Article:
So last month I did an interview with the band Buckcherry, and the interview piece I did was considered too feature like to publish, so it was changed in accordance with the magazine’s format. This sometimes happen and is not something I can be upset about – but gives me the chance to share with you my original vision for the piece here. Enjoy.
Listen to Buckcherry for about 15 minutes and you’d probably think the world had gone to hell in a hand basket. “All music sales have gone down the sh**ter” says guitarist Stevie D. It’s an interesting start to our discussion, but one I’m more than willing to explore further; “Yep, it’s the ‘age of streaming’ and recorded music has become the loss-leader, a kind of trail of breadcrumbs to the live show.”
Yet, despite the perceived negativity of this statement, there are actually a lot of positives. Why shouldn’t more fans get the chance to see their favorite artists performing in a live environment as well as the fixed impression traditionally immortalized inside the song? And nobody quite does live performances like Buckcherry. Although the band has seen a lot of change over the years, the one constant has been founder and lead vocalist Josh Todd, who has remained firm at the helm guiding the band through uncertain waters. Stevie agrees, saying “the one constant, and probably most important [thing], is Josh’s vision and songwriting in Buckcherry… It’s no secret there’s been a few different players along the way, some integral, some not, but the fact remains Buckcherry is one of the last, successful, uncompromised rock n’ roll bands out there.. And musically, it’s the best it’s ever been.”
Formed in California in 1995 the group has toured worldwide, releasing two albums before dissolving in 2002, being ‘re-imagined’ in 2005 and releasing the biggest crossover hit to date; ‘Crazy Bitch’ from 06’s ‘15’ – a song about as crazy as they come. Todd’s distinctive vocals are unmistakable, as unique as Chris Cornell’s or Axl Rose’s belong to those artists, and he once recorded with Guns N’ Roses Slash and Duff McKagan, in what was rumored to be the forerunner to Velvet Revolver featuring the late Scott Weiland.
Personally preferring the track ‘Lit Up’ myself, there’s something for everyone in this band, with Stevie reminding me of the multifaceted layer of their own performances; “One thing’s for sure, you’ll get the hits. We’re in rehearsals now for the Warpaint record cycle, and since the musicianship in this band is at an all-time high, I’d like to stretch out musically during the segues and solos…” proving, if nothing else, you’ll get a full night’s entertainment. Before we part there’s just a little time to talk about their support for the night, which comes in the form of fellow veterans Hoobstank (remember ‘The Reason’), as Stevie explains “I met them back in ’06 and would run in to them at festivals, and eventually we would end up doing shows together in SoCal. The singer Doug Robb is a downright kickass front man with a solid machine behind him”.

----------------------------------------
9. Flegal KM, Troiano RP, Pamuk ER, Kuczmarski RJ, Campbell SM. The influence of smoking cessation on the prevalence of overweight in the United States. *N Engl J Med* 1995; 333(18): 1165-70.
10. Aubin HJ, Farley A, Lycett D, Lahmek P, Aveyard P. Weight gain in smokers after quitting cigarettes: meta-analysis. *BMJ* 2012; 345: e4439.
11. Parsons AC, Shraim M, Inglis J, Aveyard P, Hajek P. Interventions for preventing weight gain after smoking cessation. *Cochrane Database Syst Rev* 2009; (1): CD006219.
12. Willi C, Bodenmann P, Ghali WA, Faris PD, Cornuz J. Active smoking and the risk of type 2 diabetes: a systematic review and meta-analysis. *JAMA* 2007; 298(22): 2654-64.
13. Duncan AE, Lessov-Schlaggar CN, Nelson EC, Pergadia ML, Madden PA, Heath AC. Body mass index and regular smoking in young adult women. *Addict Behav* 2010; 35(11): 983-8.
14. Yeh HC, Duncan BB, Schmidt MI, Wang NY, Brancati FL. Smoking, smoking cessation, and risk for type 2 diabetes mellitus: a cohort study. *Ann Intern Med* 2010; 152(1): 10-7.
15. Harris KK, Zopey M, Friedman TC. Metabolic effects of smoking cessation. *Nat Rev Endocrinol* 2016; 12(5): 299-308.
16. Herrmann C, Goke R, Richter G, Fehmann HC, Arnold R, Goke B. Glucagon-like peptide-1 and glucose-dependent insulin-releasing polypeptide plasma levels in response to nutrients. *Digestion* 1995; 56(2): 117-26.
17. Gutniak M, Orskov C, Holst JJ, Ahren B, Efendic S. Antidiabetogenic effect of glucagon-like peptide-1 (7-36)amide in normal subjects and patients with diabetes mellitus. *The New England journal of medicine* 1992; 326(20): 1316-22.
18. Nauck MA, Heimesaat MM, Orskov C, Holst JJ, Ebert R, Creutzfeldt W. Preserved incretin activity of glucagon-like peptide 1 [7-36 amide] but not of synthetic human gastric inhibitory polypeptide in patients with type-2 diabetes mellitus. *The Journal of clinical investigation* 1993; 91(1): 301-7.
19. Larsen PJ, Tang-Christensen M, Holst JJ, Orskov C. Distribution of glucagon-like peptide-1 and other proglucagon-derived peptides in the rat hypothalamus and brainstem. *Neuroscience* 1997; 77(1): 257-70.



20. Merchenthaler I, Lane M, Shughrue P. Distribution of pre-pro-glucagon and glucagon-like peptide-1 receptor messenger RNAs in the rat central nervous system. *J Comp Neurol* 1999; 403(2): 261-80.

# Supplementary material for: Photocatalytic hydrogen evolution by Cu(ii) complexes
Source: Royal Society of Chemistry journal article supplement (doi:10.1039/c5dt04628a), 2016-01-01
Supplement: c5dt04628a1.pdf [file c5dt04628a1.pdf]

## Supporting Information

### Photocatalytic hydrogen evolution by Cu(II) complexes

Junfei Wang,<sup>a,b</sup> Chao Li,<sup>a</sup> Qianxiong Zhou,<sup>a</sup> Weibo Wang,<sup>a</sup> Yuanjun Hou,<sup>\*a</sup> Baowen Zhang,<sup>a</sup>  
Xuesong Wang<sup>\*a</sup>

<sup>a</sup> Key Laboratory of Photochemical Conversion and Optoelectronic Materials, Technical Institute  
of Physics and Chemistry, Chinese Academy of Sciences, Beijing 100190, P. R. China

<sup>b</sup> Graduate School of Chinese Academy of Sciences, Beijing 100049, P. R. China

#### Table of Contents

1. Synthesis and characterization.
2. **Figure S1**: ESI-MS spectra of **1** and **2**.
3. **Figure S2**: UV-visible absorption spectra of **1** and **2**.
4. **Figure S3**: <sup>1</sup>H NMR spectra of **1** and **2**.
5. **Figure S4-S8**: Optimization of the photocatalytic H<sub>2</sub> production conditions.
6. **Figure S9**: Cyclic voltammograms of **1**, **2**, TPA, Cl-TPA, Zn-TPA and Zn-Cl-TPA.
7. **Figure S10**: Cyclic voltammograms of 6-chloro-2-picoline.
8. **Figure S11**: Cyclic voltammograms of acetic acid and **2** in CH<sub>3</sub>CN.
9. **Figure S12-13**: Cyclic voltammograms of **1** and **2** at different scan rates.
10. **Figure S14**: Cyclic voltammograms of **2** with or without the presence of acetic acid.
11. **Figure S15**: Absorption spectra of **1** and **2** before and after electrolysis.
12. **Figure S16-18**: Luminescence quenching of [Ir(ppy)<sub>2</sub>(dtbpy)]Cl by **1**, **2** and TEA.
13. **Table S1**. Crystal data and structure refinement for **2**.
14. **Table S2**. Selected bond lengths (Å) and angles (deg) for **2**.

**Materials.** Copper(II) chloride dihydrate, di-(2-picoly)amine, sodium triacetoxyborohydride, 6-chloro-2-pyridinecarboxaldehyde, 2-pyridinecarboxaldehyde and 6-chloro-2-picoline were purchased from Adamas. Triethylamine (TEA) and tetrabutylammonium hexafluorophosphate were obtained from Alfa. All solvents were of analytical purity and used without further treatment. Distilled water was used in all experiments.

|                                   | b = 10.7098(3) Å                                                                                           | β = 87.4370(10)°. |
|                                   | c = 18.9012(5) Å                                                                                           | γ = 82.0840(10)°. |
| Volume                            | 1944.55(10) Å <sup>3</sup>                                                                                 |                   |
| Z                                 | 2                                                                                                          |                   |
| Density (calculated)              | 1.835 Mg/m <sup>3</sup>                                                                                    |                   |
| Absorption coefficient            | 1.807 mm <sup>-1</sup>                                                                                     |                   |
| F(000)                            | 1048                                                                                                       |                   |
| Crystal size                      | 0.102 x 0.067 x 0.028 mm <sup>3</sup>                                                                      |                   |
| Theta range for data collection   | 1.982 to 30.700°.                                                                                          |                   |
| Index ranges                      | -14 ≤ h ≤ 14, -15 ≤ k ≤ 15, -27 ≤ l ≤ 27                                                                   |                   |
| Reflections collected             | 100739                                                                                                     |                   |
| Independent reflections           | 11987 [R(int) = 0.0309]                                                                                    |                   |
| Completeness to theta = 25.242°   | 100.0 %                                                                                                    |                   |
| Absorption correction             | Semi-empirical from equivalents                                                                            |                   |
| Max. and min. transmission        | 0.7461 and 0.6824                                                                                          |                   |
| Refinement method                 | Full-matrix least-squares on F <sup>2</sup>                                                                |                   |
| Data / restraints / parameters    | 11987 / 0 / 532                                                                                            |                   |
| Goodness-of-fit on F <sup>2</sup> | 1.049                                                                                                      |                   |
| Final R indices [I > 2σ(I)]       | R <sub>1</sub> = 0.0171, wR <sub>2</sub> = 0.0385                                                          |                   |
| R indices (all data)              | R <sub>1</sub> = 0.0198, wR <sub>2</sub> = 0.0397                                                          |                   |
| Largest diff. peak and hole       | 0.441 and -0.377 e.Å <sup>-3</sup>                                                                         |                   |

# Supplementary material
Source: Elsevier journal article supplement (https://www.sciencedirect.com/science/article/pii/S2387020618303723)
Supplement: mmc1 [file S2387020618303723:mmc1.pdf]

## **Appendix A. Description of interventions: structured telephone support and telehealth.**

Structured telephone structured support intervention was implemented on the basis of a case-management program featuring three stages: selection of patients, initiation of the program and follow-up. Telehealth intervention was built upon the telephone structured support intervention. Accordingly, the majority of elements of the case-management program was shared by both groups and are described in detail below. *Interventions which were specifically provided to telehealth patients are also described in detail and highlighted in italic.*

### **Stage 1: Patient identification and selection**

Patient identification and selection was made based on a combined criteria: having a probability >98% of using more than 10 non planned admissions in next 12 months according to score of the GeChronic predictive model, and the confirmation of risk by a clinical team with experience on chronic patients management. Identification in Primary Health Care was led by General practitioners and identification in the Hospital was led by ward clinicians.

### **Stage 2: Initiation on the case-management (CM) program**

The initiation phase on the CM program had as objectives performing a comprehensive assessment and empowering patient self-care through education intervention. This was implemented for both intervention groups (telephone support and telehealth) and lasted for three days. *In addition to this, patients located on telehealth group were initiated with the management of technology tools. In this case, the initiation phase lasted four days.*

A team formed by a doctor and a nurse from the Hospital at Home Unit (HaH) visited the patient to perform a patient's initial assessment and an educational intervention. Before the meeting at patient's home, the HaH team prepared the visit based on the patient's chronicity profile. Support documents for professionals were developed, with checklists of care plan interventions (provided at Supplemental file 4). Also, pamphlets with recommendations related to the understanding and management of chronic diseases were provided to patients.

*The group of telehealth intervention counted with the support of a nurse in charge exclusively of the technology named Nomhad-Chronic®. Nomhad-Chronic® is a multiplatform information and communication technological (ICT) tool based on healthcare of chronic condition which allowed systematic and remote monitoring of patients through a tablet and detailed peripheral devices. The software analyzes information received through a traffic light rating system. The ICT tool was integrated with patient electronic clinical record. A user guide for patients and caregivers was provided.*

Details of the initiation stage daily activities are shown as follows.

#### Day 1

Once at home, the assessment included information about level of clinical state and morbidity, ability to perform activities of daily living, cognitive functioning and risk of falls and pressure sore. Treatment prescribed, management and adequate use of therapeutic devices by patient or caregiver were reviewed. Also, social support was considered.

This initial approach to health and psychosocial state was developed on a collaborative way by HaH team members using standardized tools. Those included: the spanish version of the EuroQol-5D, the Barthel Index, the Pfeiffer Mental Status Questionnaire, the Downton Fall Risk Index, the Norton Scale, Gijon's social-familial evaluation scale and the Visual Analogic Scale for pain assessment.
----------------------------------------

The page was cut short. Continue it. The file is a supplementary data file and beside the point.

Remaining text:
We can definitely agree with that. As if you needed another reason to see this band live. Sorry
It’s fair to say that I’ve recently fallen out of touch with the latest cinema releases. Work commitments have met that I haven’t been obsessing as much as I hoped. Hearing of Bumblebee long before actually seeing it, I was aware this project existed, but given the lack of a now traditional Star Wars release at Christmas it seemed that this ideal summer blockbuster had been delayed to fill the void. Whether or not this film had actually been purposefully delayed, I’m not sure, but I did find it amusing that with the Christmas decorations all around us we went to see a movie set in the height of summer.
Charlie (Hailee Steinfeld) is a young woman working at a summer’s fair in 1987. Grieving the loss of her father and listening to The Smiths, Charlie spends her time obsessing over an old Mustang she owns in the garage, hoping that the open road will bring freedom and change from suburban life and her mother’s new boyfriend. In many respects, it’s a very atypical script, but I did find it was written with a view to this being 2018. Supporting character Memo (Jorge Lendeborg Jr) is not your typical “boy next door” and Charlie – although sometimes jealous of others – is not outwardly looking for fame or popularity.
There are several scenes in which you’d expect the typical Shia Le Beouf attitudes, and yet they’re not forthcoming, so as Tears for Fears blasts from the tape deck in the Volkswagen you remember all the fun you can have with your clothes on for a change. In an era of ‘Me Too’ it’s actually rather refreshing to see some elements adapted and incorporated into the film, but it does drag you a little out of reality, and also reminds you just how ridiculous (and possibly dated and even sexist) Shia making moves on Megan Fox was in the original film. The jury’s still out on that.